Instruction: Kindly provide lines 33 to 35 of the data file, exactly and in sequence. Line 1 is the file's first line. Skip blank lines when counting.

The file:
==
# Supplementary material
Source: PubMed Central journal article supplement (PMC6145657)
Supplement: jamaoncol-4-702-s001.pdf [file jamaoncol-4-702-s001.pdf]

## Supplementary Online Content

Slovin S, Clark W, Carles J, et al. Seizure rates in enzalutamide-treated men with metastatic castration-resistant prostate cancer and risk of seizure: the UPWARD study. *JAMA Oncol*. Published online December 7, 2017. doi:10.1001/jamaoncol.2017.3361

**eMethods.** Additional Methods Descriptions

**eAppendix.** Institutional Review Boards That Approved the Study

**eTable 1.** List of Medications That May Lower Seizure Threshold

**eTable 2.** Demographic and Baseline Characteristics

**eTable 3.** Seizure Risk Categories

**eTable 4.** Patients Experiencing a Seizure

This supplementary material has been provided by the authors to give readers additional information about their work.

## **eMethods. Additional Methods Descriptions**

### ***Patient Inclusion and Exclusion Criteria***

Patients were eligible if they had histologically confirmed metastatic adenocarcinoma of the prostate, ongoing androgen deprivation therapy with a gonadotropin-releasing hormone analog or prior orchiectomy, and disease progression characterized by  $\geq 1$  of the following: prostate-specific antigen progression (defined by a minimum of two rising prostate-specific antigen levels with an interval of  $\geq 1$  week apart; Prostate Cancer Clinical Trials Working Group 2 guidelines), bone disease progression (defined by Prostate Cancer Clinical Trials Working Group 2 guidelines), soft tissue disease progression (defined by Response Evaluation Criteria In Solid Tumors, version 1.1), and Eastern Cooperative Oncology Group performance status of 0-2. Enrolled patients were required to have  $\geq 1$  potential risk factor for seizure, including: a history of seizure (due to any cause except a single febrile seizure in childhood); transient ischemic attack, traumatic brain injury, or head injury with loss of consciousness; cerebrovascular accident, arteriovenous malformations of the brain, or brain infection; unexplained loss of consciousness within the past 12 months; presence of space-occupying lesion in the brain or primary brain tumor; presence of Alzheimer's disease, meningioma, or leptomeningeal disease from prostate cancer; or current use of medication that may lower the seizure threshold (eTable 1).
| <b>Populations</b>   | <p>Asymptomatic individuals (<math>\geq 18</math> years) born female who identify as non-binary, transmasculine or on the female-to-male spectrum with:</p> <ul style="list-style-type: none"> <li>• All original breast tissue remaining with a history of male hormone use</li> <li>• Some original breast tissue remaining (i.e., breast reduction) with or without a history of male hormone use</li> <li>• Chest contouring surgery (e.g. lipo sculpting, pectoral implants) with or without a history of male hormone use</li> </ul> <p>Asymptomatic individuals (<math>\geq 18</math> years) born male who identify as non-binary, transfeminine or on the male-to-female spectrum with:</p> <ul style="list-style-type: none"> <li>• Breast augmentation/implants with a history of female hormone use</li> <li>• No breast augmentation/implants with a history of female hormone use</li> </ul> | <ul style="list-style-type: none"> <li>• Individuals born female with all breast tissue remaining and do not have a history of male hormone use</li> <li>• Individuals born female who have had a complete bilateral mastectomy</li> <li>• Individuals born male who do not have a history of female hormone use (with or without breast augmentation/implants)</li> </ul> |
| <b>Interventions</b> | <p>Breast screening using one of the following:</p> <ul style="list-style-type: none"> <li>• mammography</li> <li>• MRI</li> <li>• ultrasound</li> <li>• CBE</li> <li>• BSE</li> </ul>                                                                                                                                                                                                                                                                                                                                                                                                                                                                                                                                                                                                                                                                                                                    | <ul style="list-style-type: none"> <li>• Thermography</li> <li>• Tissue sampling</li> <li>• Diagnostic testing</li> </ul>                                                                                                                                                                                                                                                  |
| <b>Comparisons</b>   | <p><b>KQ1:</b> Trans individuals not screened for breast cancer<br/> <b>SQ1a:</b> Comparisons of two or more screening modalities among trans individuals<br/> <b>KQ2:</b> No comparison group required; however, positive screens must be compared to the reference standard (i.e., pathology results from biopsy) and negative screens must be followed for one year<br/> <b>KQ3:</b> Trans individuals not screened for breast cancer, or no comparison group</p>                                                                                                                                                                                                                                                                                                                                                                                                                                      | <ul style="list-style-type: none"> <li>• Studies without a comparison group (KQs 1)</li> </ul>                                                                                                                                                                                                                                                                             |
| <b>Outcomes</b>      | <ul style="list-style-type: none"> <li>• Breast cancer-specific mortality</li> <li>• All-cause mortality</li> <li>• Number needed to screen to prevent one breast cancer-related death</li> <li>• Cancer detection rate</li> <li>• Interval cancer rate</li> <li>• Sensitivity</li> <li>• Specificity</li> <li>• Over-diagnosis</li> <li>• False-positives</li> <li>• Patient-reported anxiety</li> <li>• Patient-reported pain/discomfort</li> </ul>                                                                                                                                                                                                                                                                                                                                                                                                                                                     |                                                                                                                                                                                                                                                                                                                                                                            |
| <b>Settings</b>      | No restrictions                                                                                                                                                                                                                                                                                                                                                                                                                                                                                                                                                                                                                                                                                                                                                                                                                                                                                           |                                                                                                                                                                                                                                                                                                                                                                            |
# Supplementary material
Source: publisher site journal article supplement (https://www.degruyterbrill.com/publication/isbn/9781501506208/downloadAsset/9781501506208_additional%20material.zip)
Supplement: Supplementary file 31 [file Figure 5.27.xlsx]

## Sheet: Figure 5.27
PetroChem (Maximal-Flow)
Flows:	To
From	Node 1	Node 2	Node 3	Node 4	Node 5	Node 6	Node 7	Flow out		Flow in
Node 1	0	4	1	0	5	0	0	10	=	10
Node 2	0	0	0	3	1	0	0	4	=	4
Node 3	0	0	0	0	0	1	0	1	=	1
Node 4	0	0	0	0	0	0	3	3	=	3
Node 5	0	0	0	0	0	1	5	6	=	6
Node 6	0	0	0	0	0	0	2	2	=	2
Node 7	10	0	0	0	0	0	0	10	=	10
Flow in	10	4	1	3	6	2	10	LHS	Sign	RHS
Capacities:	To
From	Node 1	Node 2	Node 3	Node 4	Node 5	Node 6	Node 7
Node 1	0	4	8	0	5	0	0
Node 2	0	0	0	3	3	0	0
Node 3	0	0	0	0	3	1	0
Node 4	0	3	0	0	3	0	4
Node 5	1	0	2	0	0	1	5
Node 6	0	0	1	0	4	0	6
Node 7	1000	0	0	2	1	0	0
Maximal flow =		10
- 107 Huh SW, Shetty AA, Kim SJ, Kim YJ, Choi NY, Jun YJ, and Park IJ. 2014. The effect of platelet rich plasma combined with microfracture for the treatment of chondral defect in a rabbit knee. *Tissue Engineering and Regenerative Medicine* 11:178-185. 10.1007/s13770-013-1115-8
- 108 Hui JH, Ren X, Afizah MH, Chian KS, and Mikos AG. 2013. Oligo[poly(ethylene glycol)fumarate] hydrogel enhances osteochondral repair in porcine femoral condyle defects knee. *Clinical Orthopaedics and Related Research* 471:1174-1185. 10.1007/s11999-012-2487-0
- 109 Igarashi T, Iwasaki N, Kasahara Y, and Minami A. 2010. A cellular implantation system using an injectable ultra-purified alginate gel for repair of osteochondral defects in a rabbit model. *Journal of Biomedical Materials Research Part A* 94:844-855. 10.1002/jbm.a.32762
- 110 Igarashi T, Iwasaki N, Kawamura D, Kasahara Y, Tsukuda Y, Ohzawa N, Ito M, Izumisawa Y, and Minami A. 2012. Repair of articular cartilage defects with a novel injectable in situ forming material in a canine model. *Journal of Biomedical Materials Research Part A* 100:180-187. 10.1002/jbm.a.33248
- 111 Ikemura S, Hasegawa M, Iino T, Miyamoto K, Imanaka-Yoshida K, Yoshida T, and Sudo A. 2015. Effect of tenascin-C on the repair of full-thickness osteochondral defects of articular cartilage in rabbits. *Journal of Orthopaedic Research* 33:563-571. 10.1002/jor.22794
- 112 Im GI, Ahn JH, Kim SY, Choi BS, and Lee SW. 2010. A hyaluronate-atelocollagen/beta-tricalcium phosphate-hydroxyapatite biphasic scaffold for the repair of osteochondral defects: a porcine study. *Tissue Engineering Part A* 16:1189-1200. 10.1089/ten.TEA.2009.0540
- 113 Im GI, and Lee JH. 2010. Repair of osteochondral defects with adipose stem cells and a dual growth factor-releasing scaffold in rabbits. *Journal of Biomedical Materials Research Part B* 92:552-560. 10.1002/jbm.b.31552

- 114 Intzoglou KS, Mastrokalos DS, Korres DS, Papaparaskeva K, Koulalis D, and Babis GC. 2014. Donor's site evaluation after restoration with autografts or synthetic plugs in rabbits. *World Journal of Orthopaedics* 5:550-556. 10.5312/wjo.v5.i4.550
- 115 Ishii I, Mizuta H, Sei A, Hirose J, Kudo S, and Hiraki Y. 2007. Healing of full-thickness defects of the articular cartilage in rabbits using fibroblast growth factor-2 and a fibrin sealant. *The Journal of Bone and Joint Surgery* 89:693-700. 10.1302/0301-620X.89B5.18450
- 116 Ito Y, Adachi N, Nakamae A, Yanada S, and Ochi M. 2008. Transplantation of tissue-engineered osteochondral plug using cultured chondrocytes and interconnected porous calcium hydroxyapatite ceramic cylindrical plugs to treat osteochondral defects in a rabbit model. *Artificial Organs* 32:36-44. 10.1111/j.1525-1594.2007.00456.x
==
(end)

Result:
Node 6	0	0	0	0	0	0	2	2	=	2
Node 7	10	0	0	0	0	0	0	10	=	10
Flow in	10	4	1	3	6	2	10	LHS	Sign	RHS